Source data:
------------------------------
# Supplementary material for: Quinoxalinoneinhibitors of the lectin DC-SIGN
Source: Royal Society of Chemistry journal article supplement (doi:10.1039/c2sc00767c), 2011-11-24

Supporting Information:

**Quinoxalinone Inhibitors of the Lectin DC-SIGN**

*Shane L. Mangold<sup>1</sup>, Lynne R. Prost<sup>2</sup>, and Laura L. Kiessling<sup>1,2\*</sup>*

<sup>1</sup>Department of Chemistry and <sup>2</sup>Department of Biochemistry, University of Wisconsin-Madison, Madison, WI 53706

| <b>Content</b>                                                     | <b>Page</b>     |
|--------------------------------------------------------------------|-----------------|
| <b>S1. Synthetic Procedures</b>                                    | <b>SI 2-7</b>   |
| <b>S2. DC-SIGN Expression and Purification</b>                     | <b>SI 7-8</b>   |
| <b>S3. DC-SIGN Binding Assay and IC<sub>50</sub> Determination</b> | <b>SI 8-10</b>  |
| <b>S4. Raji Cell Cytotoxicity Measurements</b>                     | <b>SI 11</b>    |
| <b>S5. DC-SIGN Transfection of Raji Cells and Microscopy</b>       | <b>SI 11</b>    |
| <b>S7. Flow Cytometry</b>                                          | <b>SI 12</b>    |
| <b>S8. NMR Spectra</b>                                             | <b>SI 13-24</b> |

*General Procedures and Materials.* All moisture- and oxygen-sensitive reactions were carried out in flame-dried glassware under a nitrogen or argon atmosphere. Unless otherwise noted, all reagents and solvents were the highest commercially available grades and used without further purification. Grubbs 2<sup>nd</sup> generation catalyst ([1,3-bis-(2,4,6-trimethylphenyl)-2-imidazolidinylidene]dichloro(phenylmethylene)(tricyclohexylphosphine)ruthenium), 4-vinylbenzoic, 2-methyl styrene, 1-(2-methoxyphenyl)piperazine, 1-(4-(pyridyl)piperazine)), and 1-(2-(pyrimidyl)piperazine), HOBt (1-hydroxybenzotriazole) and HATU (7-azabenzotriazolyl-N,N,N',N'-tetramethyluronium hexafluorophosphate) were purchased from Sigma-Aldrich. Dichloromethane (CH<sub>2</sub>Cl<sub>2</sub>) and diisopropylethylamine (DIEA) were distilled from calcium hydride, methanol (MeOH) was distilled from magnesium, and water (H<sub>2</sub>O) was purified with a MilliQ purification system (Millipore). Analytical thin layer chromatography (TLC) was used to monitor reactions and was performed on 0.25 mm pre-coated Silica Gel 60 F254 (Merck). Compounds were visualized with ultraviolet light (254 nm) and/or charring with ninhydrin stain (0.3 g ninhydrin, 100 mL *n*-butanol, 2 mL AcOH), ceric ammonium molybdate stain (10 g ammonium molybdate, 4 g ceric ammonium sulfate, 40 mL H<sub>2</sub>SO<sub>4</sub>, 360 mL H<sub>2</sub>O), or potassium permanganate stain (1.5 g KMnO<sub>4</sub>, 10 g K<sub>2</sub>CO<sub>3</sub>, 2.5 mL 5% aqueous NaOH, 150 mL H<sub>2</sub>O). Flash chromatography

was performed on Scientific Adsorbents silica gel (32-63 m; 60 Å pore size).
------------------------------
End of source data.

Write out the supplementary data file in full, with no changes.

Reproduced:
# Supplementary material for: Quinoxalinoneinhibitors of the lectin DC-SIGN
Source: Royal Society of Chemistry journal article supplement (doi:10.1039/c2sc00767c), 2011-11-24

Supporting Information:

**Quinoxalinone Inhibitors of the Lectin DC-SIGN**

*Shane L. Mangold<sup>1</sup>, Lynne R. Prost<sup>2</sup>, and Laura L. Kiessling<sup>1,2\*</sup>*

<sup>1</sup>Department of Chemistry and <sup>2</sup>Department of Biochemistry, University of Wisconsin-Madison, Madison, WI 53706

| <b>Content</b>                                                     | <b>Page</b>     |
|--------------------------------------------------------------------|-----------------|
| <b>S1. Synthetic Procedures</b>                                    | <b>SI 2-7</b>   |
| <b>S2. DC-SIGN Expression and Purification</b>                     | <b>SI 7-8</b>   |
| <b>S3. DC-SIGN Binding Assay and IC<sub>50</sub> Determination</b> | <b>SI 8-10</b>  |
| <b>S4. Raji Cell Cytotoxicity Measurements</b>                     | <b>SI 11</b>    |
| <b>S5. DC-SIGN Transfection of Raji Cells and Microscopy</b>       | <b>SI 11</b>    |
| <b>S7. Flow Cytometry</b>                                          | <b>SI 12</b>    |
| <b>S8. NMR Spectra</b>                                             | <b>SI 13-24</b> |

*General Procedures and Materials.* All moisture- and oxygen-sensitive reactions were carried out in flame-dried glassware under a nitrogen or argon atmosphere. Unless otherwise noted, all reagents and solvents were the highest commercially available grades and used without further purification. Grubbs 2<sup>nd</sup> generation catalyst ([1,3-bis-(2,4,6-trimethylphenyl)-2-imidazolidinylidene]dichloro(phenylmethylene)(tricyclohexylphosphine)ruthenium), 4-vinylbenzoic, 2-methyl styrene, 1-(2-methoxyphenyl)piperazine, 1-(4-(pyridyl)piperazine)), and 1-(2-(pyrimidyl)piperazine), HOBt (1-hydroxybenzotriazole) and HATU (7-azabenzotriazolyl-N,N,N',N'-tetramethyluronium hexafluorophosphate) were purchased from Sigma-Aldrich. Dichloromethane (CH<sub>2</sub>Cl<sub>2</sub>) and diisopropylethylamine (DIEA) were distilled from calcium hydride, methanol (MeOH) was distilled from magnesium, and water (H<sub>2</sub>O) was purified with a MilliQ purification system (Millipore). Analytical thin layer chromatography (TLC) was used to monitor reactions and was performed on 0.25 mm pre-coated Silica Gel 60 F254 (Merck). Compounds were visualized with ultraviolet light (254 nm) and/or charring with ninhydrin stain (0.3 g ninhydrin, 100 mL *n*-butanol, 2 mL AcOH), ceric ammonium molybdate stain (10 g ammonium molybdate, 4 g ceric ammonium sulfate, 40 mL H<sub>2</sub>SO<sub>4</sub>, 360 mL H<sub>2</sub>O), or potassium permanganate stain (1.5 g KMnO<sub>4</sub>, 10 g K<sub>2</sub>CO<sub>3</sub>, 2.5 mL 5% aqueous NaOH, 150 mL H<sub>2</sub>O). Flash chromatography

was performed on Scientific Adsorbents silica gel (32-63 m; 60 Å pore size).